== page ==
For many people, most daily waste comes from the kitchen. Whether it's recycling, composting, or simply throwing things away, the kitchen is a huge source of waste. With environmental concerns becoming increasingly prevalent, going green is even more important. It follows, then, that going green would start with creating a more sustainable kitchen. While there are many ways to go about making your kitchen more sustainable, here are five easy starting points. 

1. Start a Compost Bin

herb, cereal, Grow, Garden, Gardening, farm, Rich, Soil, handful, dirt, compost
Alex Frank

A compost bin is a collection of organic kitchen scraps that is allowed to decompose in optimum conditions and whose end product is nutrient-rich soil. When organic waste is sent to the landfill, it is not able to properly decompose and releases methane gas, a dangerous greenhouse gas, into the atmosphere.

If you have a large outdoor space and the proper resources, you can make your own compost pile and reap the rewards of nutrient rich soil for your home garden. If you don't have the resources, check with your local waste disposal services to see how you can contribute to community compost.

2. Grow Your Own Herbs

Herbs, Green, natural, Fresh, farmer's market
Caroline Ingalls

If you usually find yourself reaching for the same few herbs in the kitchen, consider planting your own. Store-bought herbs are often packaged in unnecessary single-use plastic, and having herbs right in your kitchen cuts down on the carbon emissions necessary for transporting the produce to the store. As an added bonus, you'll have super fresh herbs to use in your cooking.

3. Buy Reusable Sponges

dirty dishes, sink, dishes
Jocelyn Hsu

Everyone's kitchen needs a sponge. They're handy and versatile. From washing dishes to wiping down counters, sponges have your back. However, sponges are also piling up in landfills at an alarming rate and they are not biodegradable. Instead of normal kitchen sponges, opt for pure cellulose or natural burlap sponges in your sustainable kitchen. These options are reusable and recyclable, meaning they'll last longer and if you dispose of them correctly, they won't end up in the landfill.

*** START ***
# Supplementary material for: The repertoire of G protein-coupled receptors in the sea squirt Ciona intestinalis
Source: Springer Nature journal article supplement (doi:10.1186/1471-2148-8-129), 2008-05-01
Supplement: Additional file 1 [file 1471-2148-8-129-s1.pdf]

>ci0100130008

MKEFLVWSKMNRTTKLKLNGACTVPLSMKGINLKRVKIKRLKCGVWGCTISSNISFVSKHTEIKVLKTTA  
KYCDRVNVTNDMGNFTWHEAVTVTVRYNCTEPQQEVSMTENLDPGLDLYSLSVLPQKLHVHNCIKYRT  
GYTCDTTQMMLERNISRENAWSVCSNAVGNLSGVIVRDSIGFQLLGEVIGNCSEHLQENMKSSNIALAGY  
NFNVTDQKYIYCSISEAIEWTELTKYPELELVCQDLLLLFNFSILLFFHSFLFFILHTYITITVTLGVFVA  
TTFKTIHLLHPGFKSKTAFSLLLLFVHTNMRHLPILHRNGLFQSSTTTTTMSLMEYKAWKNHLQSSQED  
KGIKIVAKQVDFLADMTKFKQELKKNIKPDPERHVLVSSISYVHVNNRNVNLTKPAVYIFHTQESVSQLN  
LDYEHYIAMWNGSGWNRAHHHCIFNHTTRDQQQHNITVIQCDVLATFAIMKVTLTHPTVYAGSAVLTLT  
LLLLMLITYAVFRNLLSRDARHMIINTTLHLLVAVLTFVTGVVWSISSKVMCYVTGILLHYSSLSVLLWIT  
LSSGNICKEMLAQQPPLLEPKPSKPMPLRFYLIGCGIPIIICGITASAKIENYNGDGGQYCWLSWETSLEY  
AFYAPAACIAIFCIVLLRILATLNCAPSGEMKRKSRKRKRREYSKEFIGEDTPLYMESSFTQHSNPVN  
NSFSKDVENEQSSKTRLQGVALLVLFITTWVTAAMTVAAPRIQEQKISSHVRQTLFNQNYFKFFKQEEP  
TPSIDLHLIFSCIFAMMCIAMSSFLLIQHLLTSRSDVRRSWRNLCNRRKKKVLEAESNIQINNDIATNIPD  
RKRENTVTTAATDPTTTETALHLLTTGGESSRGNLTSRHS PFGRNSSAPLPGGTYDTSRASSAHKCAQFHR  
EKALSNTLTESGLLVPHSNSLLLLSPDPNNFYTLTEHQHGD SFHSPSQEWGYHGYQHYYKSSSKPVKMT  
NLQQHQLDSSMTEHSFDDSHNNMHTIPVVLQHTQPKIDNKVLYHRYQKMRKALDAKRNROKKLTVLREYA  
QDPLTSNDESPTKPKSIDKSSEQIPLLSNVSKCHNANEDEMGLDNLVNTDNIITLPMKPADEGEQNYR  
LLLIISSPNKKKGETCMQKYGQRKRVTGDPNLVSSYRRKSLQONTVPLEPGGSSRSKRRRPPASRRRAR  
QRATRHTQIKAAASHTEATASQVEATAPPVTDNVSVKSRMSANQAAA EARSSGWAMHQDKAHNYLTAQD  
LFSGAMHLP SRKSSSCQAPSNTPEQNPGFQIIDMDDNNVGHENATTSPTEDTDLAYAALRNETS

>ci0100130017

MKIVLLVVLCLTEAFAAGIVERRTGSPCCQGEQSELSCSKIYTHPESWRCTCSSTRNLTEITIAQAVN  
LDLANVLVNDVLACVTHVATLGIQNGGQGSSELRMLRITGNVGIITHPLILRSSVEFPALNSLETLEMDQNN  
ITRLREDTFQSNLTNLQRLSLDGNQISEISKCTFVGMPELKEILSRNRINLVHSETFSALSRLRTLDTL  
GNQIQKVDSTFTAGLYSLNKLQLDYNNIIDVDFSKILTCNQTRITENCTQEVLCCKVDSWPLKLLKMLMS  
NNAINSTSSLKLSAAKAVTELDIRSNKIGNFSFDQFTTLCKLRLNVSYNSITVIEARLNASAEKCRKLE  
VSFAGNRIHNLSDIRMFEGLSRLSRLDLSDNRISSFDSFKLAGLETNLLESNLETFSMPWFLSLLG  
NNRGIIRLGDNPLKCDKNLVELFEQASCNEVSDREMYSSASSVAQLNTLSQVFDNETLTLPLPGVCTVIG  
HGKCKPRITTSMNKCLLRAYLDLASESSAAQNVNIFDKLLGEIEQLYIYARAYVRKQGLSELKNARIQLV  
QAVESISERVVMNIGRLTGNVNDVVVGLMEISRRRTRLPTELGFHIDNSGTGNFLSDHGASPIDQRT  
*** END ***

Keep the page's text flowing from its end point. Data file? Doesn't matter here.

4. Try Meatless Mondays

dairy product, cheese, milk, candy, tofu
Lauren Kaplan

You might be surprised to learn that the meat producing industry is far from sustainable. In fact, it is estimated that it takes 425 gallons of water to produce 1/4 pound of beef and that the global livestock economy emits more greenhouse gases than the worldwide transportation economy. By going meatless one or more days each week, you'll save global water sources, cut down on carbon emissions, and combat global food scarcity.

5. Bring Your Reusable Bags to the Grocery Store

apple, Trader Joe's, egg, orange, reusable bags, egg carton, grocery story, Grocery Shopping
Jocelyn Hsu

How many single-use plastic bags do you use every time you go to the grocery store? Plastic bags are long term landfill residents and a large culprit of ocean pollution. Buy one or two reusable bags and take them on every grocery trip. Not only will you cut down on the plastic you send to the landfill, but some grocery stores will even give you a small discount for bringing your own bags. While you're at it, you can also stop bagging your produce in separate plastic bags. As long as you wash your produce before eating it, there is no need to separately bag it.

There are many more small steps you can take to create a more sustainable kitchen. Some steps are harder than others, so focus on the easy ones to get started and work your way up to the big changes that you feel comfortable making. Good luck going green!